Local view: Lead ammo a risk to hunters, wildlife
Unbeknownst to many hunters this deer season, a dangerous element is taking down big bucks. Lead bullets are the ammunition of choice for many hunters. But not only is lead harmful to humans (and deer); it also is killing one of the great symbols...
Unbeknownst to many hunters this deer season, a dangerous element is taking down big bucks. Lead bullets are the ammunition of choice for many hunters. But not only is lead harmful to humans (and deer); it also is killing one of the great symbols of our nation, the bald eagle.
The dangers of lead in our daily lives have been scientifically proven, leading to its ban in many products, such as paint. Lead paint was banned in the U.S. in 1978 after much evidence was discovered concerning its toxic nature, in particular its effect on children. In addition to paint, lead-based gasoline, once widely used, was outlawed for automobiles.
The handling of lead bullets is not dangerous; the danger is in the possibility of accidentally ingesting lead. When a lead bullet hits a deer it fragments into extremely small pieces. While cutting around the area of impact when field-dressing a deer can help eliminate much of the lead fragments, it is hard to be certain all of the lead has been removed.
The lead left behind in deer may be in a miniscule amount, but even small amounts can be dangerous when consumed. Studies show that when ingested lead can stay in the body for months and sometimes years. A study by Dr. William Cornatzer in North Dakota found that almost 60 percent of one-pound packages of venison had lead levels high enough to be detected using a CT scan. In response to this, as well as to other evidence, the North Dakota Department of Health issued a warning in 2008, urging pregnant women and children younger than 6 not to eat any venison harvested with lead bullets.
In addition to the danger of lead to humans it also can be harmful to wildlife (beyond deer). After a deer has been field-dressed the gut pile left behind often carries a significant amount of lead. It is common for bald eagles to feast on these gut piles during winter months. A study by the Raptor Center at the University of Minnesota looked at a 13-year period from 1996-2009 and determined that a high percentage of eagles suffered from lead poisoning during late fall and early winter, directly correlating with deer-hunting season. Also, concentrations of copper in the kidneys of eagles suffering from lead poisoning indicated exposure to and ingestion of fragments of copper-jacketed lead bullets. This evidence demonstrates that lead poisoning in eagles is a result of ingesting lead bullets and not from lead naturally occurring in the wild.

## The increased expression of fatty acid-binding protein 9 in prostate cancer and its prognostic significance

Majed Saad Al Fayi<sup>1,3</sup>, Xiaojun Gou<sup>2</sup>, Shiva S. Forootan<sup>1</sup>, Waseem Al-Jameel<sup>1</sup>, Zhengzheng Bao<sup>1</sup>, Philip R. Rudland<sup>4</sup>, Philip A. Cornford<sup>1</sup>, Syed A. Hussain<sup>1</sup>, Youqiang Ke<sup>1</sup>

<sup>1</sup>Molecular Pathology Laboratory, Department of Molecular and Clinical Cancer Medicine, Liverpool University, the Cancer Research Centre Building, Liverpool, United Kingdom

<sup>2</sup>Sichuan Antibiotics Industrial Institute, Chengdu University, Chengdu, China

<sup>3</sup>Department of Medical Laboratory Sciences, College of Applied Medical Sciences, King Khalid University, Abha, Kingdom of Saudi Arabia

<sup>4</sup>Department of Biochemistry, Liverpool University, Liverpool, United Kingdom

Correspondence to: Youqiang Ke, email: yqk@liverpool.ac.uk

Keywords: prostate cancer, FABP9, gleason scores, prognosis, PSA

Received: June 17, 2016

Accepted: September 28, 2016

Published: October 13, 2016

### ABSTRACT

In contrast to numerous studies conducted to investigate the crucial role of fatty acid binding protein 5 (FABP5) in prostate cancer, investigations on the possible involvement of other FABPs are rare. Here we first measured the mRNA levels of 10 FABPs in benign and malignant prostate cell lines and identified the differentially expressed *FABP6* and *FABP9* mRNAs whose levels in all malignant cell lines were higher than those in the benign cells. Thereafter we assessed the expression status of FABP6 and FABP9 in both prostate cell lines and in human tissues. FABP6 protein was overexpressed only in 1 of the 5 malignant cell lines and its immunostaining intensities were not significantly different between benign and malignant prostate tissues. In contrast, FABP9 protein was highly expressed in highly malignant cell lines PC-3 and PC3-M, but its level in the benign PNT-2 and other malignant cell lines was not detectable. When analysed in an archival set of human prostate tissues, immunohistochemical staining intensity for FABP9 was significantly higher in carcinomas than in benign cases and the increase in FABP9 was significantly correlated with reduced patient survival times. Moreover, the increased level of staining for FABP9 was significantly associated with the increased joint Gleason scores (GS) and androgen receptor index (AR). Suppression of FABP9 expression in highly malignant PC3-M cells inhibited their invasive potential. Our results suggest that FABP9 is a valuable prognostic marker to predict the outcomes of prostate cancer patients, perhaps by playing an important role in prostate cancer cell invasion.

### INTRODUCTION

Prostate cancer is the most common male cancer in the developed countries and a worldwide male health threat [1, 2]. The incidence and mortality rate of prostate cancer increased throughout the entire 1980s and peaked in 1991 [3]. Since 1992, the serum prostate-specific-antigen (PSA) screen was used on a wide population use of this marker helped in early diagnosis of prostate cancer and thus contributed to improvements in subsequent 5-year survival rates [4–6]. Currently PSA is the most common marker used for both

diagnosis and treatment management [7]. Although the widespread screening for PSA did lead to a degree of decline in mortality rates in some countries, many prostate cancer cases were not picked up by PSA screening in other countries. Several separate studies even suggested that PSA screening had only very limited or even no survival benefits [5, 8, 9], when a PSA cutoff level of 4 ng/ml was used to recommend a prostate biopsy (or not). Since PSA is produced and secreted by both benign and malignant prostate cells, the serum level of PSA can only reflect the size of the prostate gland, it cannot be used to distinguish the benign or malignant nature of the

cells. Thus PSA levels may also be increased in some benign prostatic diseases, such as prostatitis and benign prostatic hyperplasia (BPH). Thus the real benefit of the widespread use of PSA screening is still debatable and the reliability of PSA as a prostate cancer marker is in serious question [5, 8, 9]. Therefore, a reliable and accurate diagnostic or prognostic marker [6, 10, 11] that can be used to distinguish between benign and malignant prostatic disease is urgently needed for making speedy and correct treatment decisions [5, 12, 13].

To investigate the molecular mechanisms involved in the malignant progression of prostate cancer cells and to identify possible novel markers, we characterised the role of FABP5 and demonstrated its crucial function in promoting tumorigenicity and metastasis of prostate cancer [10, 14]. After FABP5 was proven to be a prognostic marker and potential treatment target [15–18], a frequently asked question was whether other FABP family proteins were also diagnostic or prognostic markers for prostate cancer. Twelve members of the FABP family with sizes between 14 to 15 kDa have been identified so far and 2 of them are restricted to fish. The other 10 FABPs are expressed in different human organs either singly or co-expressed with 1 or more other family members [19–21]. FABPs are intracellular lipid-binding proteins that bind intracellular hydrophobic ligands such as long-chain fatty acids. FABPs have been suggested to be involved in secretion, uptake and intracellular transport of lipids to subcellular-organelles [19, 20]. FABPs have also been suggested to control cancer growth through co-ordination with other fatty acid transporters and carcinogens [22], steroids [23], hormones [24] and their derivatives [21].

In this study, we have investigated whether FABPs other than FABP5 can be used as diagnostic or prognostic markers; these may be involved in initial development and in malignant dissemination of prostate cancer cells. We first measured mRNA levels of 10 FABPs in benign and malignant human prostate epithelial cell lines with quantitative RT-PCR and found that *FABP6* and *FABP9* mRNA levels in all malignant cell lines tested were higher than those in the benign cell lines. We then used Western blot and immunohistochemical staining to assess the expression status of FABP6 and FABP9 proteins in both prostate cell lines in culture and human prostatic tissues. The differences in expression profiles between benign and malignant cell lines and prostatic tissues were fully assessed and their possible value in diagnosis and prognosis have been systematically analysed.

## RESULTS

Looking at the dangers to bald eagles, as well as the harmful effects to humans, it makes sense for hunters to search for a viable alternative. Copper bullets are an alternative already being used by some hunters. These bullets are nontoxic and do not fragment the way lead does, leading some experts to claim they are more efficient for killing deer. The current price difference between lead and copper is about 50 cents per bullet. That is a small price to pay to ensure the meat you bring home is safe for you and your family.
Obviously, a change in ammo choice will not occur overnight, but a gradual switch from lead to copper would benefit eagles and keep hazardous elements out of our venison.
Brad Entwistle is a junior majoring in political science at Gustavus Adolphus College in St. Peter, Minn. He's also a hunter, mostly in South Dakota and northern Minnesota. He researched the problem of lead poisoning in bald eagles as part of his coursework.